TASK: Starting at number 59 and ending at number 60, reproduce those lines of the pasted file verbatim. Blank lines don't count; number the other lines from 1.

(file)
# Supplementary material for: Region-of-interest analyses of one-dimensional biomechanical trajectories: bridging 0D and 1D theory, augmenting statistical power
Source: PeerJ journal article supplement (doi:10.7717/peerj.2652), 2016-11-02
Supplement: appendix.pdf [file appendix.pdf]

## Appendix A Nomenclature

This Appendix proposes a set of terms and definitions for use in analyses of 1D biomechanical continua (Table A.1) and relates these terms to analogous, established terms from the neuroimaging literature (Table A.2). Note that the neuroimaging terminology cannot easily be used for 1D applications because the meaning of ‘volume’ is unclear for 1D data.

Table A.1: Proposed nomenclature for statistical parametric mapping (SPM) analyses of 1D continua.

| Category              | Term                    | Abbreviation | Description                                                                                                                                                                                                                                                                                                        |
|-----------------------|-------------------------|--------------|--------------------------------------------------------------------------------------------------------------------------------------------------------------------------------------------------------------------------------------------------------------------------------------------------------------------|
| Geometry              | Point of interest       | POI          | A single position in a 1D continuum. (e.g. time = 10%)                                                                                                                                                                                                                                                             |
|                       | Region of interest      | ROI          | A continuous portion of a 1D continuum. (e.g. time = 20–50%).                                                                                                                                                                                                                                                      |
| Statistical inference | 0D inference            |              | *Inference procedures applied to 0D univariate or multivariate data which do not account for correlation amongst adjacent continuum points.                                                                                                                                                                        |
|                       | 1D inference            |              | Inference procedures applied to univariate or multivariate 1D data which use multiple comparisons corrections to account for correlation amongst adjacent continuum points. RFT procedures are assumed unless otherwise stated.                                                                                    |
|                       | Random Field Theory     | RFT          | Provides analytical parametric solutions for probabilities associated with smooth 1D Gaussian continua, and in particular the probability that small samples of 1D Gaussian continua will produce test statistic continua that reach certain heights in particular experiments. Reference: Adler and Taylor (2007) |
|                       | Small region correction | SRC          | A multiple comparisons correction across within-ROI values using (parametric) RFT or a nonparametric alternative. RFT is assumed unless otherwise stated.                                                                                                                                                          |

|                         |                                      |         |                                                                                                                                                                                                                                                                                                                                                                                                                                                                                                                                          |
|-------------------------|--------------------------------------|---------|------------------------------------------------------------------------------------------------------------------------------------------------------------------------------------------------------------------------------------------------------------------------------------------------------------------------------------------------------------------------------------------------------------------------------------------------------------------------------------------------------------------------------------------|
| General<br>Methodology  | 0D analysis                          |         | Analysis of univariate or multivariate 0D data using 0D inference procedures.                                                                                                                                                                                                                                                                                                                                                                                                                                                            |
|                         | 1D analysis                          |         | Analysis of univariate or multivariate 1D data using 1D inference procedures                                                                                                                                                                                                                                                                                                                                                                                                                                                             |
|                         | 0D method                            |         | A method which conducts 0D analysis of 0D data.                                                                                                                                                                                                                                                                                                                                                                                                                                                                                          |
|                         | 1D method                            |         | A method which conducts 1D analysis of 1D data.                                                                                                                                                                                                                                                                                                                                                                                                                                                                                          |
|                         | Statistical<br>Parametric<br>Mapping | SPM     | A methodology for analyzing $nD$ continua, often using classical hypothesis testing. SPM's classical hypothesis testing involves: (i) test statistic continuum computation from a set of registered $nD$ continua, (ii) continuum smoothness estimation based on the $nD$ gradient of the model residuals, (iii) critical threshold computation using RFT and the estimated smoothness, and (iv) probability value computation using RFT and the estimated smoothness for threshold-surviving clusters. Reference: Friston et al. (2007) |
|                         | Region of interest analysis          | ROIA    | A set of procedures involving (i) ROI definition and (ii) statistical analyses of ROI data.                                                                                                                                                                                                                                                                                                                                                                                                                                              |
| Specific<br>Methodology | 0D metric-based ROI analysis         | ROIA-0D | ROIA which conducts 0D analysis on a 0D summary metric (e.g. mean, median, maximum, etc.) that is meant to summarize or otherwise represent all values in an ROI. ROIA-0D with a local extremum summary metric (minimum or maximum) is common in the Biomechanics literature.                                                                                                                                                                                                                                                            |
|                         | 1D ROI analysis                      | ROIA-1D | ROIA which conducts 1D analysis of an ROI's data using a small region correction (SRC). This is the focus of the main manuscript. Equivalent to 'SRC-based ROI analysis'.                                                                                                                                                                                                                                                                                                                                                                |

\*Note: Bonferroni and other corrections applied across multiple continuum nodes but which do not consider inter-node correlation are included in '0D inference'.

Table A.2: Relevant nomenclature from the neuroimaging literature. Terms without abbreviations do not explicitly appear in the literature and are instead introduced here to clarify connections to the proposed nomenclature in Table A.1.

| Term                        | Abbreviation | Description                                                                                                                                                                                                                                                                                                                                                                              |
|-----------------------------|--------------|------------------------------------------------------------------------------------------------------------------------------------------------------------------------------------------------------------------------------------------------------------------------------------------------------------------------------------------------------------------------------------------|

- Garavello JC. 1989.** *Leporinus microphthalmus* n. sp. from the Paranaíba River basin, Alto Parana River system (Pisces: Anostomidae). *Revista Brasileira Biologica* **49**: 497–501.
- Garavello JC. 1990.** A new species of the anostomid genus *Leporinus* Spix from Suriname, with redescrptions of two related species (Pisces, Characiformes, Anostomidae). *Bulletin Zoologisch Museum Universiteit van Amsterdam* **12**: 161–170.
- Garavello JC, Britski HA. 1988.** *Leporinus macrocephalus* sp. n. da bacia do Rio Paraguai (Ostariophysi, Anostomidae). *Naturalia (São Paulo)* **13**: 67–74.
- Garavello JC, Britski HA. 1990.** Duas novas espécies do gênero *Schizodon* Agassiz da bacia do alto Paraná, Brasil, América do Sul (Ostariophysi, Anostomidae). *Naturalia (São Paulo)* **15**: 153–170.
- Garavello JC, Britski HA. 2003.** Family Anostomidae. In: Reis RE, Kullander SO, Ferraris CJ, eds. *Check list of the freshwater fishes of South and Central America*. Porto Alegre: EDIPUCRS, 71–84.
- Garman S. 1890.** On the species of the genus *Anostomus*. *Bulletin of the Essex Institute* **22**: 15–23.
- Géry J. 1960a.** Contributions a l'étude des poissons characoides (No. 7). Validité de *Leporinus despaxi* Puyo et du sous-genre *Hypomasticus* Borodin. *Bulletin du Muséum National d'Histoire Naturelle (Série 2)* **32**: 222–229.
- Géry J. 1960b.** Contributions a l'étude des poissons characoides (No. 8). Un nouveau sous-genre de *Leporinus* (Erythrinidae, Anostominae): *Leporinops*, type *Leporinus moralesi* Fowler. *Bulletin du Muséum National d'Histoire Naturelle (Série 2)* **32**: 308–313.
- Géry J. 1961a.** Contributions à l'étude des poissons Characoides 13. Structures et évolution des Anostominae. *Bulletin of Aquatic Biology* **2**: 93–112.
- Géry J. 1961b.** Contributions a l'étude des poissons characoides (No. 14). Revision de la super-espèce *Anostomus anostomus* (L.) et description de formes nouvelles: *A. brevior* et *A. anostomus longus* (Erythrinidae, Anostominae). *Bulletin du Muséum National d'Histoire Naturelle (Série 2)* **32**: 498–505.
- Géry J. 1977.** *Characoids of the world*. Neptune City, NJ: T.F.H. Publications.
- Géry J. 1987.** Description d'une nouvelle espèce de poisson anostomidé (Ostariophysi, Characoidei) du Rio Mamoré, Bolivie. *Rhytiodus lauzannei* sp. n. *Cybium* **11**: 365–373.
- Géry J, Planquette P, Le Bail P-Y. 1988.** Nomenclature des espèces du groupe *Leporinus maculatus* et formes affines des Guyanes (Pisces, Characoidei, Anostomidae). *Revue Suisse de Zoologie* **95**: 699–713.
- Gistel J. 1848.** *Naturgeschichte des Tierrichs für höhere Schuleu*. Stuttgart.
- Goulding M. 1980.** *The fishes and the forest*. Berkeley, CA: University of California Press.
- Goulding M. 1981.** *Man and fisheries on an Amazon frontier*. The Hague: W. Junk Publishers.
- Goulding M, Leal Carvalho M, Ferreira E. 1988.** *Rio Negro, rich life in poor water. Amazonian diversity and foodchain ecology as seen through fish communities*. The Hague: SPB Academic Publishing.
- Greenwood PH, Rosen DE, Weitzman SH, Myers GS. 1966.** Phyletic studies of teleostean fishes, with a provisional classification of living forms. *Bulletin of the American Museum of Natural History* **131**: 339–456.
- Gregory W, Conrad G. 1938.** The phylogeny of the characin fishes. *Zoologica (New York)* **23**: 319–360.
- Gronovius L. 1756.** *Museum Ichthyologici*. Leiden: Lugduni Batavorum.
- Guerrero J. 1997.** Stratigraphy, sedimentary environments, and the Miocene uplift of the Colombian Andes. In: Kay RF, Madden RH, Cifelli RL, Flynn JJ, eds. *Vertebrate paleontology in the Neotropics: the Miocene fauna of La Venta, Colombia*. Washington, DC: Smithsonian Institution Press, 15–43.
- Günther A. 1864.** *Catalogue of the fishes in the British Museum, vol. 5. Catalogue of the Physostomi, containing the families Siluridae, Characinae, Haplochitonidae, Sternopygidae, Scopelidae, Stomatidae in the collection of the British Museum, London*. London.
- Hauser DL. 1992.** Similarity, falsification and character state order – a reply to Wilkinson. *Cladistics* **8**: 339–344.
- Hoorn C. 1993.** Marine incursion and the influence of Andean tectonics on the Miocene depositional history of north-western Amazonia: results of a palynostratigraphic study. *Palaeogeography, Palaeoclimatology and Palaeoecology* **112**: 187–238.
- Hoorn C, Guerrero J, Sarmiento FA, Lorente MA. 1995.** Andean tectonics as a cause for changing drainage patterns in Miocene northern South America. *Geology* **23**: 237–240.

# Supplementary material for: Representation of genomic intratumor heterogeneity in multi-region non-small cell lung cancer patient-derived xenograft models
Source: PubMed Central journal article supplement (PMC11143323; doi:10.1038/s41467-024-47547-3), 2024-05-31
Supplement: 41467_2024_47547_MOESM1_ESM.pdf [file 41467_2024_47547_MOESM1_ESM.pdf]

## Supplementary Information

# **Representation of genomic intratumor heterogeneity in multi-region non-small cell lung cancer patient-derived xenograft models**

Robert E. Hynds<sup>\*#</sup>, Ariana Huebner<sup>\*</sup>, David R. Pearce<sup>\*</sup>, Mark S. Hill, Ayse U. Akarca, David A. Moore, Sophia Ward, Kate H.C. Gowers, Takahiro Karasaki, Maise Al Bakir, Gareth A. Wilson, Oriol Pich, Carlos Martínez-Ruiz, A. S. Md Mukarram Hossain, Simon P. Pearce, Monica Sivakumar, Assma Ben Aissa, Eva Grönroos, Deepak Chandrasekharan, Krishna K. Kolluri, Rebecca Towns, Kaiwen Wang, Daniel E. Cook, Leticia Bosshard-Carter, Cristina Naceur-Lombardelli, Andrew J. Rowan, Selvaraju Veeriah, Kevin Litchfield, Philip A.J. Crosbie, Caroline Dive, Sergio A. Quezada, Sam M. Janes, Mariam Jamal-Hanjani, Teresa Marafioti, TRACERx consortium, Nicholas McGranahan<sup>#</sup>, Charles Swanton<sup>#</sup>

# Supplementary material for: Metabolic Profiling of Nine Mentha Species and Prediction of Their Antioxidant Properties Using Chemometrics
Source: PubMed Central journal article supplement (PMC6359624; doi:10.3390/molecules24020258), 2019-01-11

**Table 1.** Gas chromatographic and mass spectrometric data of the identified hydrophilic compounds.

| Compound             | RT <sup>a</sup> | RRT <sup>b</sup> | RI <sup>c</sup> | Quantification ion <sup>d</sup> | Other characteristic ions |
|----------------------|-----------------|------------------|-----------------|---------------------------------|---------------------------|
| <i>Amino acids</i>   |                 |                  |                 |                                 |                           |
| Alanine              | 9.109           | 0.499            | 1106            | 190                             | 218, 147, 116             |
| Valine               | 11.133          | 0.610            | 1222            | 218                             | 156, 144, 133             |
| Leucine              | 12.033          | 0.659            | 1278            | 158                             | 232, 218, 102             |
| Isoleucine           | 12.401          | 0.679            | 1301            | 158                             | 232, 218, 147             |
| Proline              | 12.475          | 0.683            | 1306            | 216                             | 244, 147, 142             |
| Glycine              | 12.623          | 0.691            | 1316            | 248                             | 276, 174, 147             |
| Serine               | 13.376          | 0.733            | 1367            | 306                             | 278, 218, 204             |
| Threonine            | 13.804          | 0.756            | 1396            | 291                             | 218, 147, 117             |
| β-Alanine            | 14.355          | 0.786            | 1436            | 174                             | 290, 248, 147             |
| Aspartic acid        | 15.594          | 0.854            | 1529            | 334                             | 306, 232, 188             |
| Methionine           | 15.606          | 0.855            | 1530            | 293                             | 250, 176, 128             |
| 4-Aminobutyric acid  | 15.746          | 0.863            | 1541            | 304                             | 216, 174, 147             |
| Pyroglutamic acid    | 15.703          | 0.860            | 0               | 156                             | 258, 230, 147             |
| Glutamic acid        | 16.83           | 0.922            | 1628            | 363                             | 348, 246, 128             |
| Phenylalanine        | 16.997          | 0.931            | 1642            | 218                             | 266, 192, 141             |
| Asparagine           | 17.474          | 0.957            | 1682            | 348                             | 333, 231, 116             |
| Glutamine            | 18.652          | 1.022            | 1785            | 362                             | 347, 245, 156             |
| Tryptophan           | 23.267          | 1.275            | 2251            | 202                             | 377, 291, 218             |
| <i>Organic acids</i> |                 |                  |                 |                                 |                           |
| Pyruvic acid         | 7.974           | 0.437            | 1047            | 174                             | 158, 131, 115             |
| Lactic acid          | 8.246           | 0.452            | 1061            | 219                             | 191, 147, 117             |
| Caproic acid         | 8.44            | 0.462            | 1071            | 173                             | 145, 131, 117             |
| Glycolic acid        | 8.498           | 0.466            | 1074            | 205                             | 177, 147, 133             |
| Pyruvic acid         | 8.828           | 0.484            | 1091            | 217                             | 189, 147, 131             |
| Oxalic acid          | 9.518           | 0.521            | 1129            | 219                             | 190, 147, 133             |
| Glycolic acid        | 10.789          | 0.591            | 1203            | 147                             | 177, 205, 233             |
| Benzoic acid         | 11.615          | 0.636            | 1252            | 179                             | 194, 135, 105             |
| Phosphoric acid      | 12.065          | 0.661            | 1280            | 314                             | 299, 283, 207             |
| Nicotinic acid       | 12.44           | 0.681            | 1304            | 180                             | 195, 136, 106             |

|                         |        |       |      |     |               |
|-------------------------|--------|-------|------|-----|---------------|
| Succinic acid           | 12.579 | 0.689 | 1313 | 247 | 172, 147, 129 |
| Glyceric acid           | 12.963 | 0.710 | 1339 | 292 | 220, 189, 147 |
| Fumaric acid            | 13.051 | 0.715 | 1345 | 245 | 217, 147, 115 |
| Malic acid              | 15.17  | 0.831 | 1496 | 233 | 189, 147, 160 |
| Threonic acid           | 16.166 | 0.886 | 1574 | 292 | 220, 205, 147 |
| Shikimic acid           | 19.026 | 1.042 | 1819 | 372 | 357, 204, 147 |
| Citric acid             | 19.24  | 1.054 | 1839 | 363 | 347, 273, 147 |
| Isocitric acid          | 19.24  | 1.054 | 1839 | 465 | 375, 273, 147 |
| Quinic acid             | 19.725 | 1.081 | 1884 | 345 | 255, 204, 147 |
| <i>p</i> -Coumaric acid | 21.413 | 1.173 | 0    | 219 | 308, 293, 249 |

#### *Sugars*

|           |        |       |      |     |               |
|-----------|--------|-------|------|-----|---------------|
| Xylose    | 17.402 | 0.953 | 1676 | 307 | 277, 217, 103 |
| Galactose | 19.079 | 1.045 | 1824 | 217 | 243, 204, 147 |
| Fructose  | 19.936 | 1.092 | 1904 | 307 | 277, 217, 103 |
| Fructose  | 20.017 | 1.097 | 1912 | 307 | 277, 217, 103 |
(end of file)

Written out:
Robert E. Hynds<sup>\*#</sup>, Ariana Huebner<sup>\*</sup>, David R. Pearce<sup>\*</sup>, Mark S. Hill, Ayse U. Akarca, David A. Moore, Sophia Ward, Kate H.C. Gowers, Takahiro Karasaki, Maise Al Bakir, Gareth A. Wilson, Oriol Pich, Carlos Martínez-Ruiz, A. S. Md Mukarram Hossain, Simon P. Pearce, Monica Sivakumar, Assma Ben Aissa, Eva Grönroos, Deepak Chandrasekharan, Krishna K. Kolluri, Rebecca Towns, Kaiwen Wang, Daniel E. Cook, Leticia Bosshard-Carter, Cristina Naceur-Lombardelli, Andrew J. Rowan, Selvaraju Veeriah, Kevin Litchfield, Philip A.J. Crosbie, Caroline Dive, Sergio A. Quezada, Sam M. Janes, Mariam Jamal-Hanjani, Teresa Marafioti, TRACERx consortium, Nicholas McGranahan<sup>#</sup>, Charles Swanton<sup>#</sup>

# Supplementary material for: Metabolic Profiling of Nine Mentha Species and Prediction of Their Antioxidant Properties Using Chemometrics